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Committee on the Elimination of Discrimination Against Women
| It doesn't stop|
at the water's edge
The Committee on the Elimination of Discrimination Against Women (CEDAW, for short) is a United Nations outfit set up to enforce the U.N. treaty called the Convention on the Elimination of All Forms of Discrimination Against Women, also abbreviated CEDAW. Nearly all the countries of the world, except for a few Islamic theocracies and the United States, have ratified the treaty.
The Committee includes 23 women, each representing a different country and appointed by the government of her country. The Committee members are required to be "experts of high moral standing and competence in the field covered by the convention."
To this end, the Committee has wisely excluded people from countries featuring highly patriarchal and totalitarian societies, such as Canada, the Scandinavian countries, New Zealand, etc., instead admitting only members appointed by governments with pristine records in civil rights and gender equality,Do You Believe That? such as those of Bangladesh, Cuba, China, Egypt, and Malaysia.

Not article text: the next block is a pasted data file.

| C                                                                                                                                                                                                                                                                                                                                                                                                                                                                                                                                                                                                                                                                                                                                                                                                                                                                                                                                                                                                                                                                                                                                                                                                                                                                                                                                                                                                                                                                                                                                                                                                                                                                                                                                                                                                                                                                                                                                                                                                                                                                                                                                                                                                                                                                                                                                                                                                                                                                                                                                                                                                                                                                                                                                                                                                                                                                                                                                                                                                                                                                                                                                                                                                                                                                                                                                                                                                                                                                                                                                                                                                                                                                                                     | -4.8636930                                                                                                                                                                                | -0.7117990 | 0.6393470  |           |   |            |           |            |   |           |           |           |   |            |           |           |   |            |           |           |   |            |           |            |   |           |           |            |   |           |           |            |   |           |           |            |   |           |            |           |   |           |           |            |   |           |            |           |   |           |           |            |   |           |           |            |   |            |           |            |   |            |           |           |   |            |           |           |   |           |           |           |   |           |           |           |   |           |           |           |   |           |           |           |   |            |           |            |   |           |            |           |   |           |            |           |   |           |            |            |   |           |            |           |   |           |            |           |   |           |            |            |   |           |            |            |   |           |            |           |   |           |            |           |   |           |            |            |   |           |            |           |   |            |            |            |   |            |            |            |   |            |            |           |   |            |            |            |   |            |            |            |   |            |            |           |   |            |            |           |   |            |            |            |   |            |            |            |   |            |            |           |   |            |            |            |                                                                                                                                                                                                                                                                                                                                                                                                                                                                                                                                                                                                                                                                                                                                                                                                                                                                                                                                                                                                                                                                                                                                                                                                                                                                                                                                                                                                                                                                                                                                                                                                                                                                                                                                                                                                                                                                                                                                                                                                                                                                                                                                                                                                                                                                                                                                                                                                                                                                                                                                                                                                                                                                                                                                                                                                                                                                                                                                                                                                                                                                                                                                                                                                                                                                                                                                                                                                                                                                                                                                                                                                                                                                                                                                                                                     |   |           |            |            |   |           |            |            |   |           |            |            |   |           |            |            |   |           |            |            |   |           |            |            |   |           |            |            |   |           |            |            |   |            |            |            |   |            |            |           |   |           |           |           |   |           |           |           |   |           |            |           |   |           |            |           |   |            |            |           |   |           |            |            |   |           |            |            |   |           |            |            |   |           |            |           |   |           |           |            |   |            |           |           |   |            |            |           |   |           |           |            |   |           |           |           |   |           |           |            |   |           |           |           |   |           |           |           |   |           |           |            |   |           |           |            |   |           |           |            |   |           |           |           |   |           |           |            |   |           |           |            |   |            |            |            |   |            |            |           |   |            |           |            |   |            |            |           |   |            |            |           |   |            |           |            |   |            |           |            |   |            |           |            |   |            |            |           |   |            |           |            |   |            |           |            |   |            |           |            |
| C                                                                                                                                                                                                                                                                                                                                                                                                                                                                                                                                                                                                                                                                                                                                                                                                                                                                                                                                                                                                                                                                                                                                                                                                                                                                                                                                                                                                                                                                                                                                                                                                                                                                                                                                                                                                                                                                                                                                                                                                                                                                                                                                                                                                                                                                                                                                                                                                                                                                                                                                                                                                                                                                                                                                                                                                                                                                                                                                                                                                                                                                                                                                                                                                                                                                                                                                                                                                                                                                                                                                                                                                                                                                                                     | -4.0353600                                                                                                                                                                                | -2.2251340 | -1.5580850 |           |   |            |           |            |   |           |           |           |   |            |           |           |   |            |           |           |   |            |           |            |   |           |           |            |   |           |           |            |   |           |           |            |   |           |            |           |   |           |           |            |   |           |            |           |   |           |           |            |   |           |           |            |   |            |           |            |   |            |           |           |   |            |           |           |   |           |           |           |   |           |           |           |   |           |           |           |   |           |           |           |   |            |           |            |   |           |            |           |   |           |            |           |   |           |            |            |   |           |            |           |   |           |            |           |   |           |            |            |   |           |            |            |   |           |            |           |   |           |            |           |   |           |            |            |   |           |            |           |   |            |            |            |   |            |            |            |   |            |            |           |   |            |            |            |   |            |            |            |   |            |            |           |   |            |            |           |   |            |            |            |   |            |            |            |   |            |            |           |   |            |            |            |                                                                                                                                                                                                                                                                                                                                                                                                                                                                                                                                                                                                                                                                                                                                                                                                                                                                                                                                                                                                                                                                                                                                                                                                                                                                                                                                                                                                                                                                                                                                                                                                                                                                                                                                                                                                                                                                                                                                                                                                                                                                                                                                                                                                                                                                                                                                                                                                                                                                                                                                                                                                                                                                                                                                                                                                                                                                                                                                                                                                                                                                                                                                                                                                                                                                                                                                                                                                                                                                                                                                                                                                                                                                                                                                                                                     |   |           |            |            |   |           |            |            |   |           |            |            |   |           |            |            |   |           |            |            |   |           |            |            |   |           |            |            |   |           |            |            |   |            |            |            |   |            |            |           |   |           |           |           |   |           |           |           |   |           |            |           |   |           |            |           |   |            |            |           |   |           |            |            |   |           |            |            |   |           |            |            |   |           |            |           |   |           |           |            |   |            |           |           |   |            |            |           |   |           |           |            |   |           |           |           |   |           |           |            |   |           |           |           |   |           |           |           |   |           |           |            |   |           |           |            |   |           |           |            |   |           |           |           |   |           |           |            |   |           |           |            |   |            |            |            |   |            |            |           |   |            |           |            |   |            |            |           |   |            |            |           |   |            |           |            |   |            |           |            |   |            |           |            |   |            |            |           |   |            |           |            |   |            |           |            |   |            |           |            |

It has gone to great pains to avoid being perceived as having a "Western" bias. This is rather difficult, as the stated purpose of the Convention is to ensure that not only laws but also cultural and social conventions across the world are, by State action, altered to be in conformance with an ideology that originated in the West. Hence, these efforts have been ill-received by actual non-Westerners (as evidenced by the Islamic theocracies' refusal to ratify and several other Islamic countries' noted reservations when signing).
The government of each country that has signed the Convention is charged to "take in all fields, in particular in the political, social, economic and cultural fields, all appropriate measures, including legislation, to ensure the full development and advancement of women, for the purpose of guaranteeing them the exercise and enjoyment of human rights and fundamental freedoms on a basis of equality with men."
It is important to note, however, that the Convention's proposal to "eliminate discrimination against women" actually entails a much broader political agenda, because it says:
“”[T]he eradication of apartheid, all forms of racism, racial discrimination, colonialism, neo-colonialism, aggression, foreign occupation and domination and interference in the internal affairs of States is essential to the full enjoyment of the rights of men and women.
Obviously, it is not "interference in the internal affairs of states" to have a committee whose raison d'être is to tell said states that they have to change their laws and the cultural customs of their citizens, in ways to which they never agreed, lest they be sued in the World Court. Nope. Not at all.